There is incredible power in music. We dare you to listen to Pharrell’s “Happy” without cracking a smile, or Aretha Franklin’s “Ain’t No Way” without feeling melancholy. Berry Gordy saw the power in music and when he launched the record company Motown, he knew he could use music to take kids off the streets and bridge the racial divide in America. His story is captured in Rhythm Ride by Andrea Davis Pinkney. Here, Pinkney shares five of her favorite books about African American musicians who changed history and music as we know it.
Known as “the Piano Prince,” Ellington taught himself to play piano by hanging out in nightclubs and plunking out ragtime tunes on the piano keys. He went on to become one of the premier jazz musicians of all time. To learn more, read the Caldecott Honor and Coretta Scott King Honor winning picture book Duke Ellington by yours truly, illustrated by Brian Pinkney.
She was called “the Queen of Folk” for her gutsy vocals. Odetta was inspired by gospel music, work songs, and the spirituals that were sung by African Americans who spent back-breaking hours as sharecroppers and as laborers in the American South. She had a guitar named Baby, and she popularized the afro hairstyle for women, who called it “the Odetta.” I’m one of the short-haired lucky ones who enjoys “rocking my Odetta.” This lady’s story is told as a tribute poem in the book Odetta: The Queen of Folk with paintings by Stephen Alcorn and narrative by Stephen Alcorn and Samantha Thornhill.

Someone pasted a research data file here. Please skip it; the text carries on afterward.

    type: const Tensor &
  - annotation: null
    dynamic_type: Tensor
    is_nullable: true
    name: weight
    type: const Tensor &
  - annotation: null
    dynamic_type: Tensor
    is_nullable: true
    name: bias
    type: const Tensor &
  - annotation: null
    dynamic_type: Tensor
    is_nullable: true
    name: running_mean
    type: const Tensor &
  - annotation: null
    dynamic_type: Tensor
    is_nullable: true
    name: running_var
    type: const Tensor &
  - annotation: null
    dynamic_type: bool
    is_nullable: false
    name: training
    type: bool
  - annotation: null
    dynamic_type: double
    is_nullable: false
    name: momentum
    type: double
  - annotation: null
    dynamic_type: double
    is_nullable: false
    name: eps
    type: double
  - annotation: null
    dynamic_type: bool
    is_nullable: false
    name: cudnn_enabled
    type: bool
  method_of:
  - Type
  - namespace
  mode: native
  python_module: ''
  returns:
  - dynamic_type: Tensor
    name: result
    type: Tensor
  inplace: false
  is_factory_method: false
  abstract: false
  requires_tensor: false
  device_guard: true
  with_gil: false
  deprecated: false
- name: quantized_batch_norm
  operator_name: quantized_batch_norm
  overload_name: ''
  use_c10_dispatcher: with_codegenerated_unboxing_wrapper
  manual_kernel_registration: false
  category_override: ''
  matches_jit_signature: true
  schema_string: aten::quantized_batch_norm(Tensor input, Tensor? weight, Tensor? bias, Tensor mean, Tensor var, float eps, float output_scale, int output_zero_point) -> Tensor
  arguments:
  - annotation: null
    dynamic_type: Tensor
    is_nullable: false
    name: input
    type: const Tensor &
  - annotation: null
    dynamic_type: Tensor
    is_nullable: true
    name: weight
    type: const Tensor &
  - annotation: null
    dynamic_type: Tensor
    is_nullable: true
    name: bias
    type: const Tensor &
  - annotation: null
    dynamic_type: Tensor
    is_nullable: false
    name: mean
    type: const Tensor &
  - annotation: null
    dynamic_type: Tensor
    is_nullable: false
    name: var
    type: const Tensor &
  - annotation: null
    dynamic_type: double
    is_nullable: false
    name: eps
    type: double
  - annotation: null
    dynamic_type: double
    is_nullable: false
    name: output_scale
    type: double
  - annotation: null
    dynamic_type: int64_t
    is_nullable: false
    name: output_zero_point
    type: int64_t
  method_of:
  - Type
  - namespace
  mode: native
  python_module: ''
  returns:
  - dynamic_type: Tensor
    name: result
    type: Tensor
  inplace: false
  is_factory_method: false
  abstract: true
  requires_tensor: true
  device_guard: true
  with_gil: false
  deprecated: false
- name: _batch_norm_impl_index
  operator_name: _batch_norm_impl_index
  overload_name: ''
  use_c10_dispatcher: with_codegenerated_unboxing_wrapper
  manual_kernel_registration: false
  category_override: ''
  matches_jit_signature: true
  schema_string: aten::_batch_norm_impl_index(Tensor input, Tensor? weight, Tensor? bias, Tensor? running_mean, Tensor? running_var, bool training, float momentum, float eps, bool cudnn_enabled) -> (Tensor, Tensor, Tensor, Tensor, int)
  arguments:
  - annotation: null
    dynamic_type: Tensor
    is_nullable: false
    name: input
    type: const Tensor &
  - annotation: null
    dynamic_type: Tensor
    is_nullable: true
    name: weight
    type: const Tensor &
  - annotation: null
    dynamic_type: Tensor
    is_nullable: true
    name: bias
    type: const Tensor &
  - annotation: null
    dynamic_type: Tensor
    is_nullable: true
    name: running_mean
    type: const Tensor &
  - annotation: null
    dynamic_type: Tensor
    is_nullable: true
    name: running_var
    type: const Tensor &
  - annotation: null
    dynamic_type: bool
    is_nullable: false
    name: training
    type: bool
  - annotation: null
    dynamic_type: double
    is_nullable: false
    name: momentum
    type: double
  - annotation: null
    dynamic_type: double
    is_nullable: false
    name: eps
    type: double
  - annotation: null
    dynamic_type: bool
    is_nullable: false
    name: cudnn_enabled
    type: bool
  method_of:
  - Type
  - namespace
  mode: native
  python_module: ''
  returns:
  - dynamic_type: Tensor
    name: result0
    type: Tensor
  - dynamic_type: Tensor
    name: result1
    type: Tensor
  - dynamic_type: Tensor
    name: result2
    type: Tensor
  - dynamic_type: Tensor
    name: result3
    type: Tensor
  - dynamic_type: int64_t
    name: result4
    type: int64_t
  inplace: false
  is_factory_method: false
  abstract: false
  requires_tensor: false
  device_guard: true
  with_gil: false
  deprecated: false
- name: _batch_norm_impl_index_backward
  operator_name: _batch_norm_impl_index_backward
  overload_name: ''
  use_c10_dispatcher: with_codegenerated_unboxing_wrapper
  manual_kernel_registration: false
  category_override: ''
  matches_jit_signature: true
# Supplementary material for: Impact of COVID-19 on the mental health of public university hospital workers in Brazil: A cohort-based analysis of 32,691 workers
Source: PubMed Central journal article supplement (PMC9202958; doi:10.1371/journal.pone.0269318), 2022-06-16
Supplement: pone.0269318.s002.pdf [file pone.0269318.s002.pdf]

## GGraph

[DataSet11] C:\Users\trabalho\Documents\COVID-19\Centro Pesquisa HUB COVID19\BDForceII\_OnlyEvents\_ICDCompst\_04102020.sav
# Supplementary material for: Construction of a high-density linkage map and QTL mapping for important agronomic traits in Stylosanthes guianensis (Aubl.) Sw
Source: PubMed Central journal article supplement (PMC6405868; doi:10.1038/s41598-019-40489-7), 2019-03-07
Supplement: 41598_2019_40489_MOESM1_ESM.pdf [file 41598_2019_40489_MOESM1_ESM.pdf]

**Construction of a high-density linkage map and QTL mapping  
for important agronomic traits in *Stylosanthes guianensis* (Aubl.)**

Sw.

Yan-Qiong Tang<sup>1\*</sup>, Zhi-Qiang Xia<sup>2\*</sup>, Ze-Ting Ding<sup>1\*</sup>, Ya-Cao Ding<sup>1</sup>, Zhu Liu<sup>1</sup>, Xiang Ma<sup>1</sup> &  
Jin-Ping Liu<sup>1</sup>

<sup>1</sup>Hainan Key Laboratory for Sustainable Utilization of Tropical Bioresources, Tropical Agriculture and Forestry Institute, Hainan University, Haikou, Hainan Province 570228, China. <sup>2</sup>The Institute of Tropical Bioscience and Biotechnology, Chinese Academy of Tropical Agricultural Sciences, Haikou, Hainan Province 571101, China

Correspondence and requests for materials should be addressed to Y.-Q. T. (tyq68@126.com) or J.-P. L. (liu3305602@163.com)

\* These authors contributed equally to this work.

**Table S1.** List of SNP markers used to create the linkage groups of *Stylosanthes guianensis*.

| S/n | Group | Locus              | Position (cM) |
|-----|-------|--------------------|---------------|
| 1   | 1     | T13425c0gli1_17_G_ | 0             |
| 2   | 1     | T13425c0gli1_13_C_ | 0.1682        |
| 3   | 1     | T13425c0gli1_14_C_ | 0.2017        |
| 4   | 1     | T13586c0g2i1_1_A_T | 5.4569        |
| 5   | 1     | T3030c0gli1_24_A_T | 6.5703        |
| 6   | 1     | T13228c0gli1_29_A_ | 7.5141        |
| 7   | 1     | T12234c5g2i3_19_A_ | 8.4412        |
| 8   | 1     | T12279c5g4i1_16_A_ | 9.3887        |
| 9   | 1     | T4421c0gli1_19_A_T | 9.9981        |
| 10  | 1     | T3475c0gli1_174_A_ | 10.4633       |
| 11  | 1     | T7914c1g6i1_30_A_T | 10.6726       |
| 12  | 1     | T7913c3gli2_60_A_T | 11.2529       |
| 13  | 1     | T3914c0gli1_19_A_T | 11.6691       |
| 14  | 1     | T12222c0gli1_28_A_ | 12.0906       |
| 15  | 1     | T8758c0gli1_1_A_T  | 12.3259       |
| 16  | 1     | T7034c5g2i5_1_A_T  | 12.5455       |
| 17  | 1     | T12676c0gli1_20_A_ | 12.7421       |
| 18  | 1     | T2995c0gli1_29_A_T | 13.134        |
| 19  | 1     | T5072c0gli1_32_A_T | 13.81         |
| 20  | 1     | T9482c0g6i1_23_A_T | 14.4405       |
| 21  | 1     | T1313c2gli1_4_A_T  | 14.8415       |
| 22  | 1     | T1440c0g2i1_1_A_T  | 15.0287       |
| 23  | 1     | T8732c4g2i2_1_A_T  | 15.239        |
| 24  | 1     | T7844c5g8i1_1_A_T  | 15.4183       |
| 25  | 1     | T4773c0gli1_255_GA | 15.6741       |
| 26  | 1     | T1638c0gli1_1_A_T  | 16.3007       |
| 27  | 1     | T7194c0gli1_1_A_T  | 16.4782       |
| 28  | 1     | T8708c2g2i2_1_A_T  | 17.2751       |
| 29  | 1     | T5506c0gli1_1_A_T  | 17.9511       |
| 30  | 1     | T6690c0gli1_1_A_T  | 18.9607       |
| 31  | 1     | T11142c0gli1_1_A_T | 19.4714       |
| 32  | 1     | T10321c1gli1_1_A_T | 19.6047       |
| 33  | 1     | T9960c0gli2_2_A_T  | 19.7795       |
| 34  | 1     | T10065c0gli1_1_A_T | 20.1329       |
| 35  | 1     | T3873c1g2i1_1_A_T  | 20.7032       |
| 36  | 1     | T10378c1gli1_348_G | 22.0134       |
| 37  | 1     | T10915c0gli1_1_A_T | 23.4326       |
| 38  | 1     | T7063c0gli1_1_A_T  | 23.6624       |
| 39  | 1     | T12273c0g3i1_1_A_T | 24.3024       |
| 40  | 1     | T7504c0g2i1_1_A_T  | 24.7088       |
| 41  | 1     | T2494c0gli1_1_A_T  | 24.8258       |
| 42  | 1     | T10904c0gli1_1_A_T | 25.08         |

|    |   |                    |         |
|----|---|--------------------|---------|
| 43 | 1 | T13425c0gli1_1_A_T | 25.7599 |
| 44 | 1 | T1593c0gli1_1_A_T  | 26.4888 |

First Lady Eleanor Roosevelt and her husband, President Franklin D. Roosevelt, made it possible for Marian to perform on Easter Sunday, April 9, 1939, on the steps of the Lincoln Memorial in Washington, D.C. She sang before a crowd of more than 75,000 people in an open-air concert, while a radio audience of millions listened in. Anderson broke racial barriers for black artists all over the world. Author Pam Munoz Ryan and illustrator Brian Selznick created a book entitled When Marian Sang: The True Recital of Marian Anderson.
With an $800 loan from his family, Berry Gordy launched Motown, a musical empire that began by taking kids off the street and turning them into stars. Motown’s music turned into a cultural revolution and a hallmark of the civil rights movement. Berry’s story inspired me to write Rhythm Ride: A Road Trip to the Motown Sound.
When Ella was a teenager, she entered a talent contest at Harlem’s Apollo Theater. She went into the competition expecting to show off her dance moves, but was so nervous, her knees locked. Instead, she belted a song, and won the contest! Ella later became one of the most popular vocalists of all time. You can learn more about Ella and one of her greatest hit songs by reading A Tisket-a-Tasket by Ora Eitan.
Andrea Davis Pinkney is the New York Times bestselling and award-winning author of more than 30 books for children and young adults, many of them illustrated by her husband Brian Pinkney. She was named one of the “25 Most Influential Black Women in Business” by The Network Journal, and is among “The 25 Most Influential People in Our Children’s Lives” cited by Children’s Health Magazine. She lives with her family in Brooklyn, New York.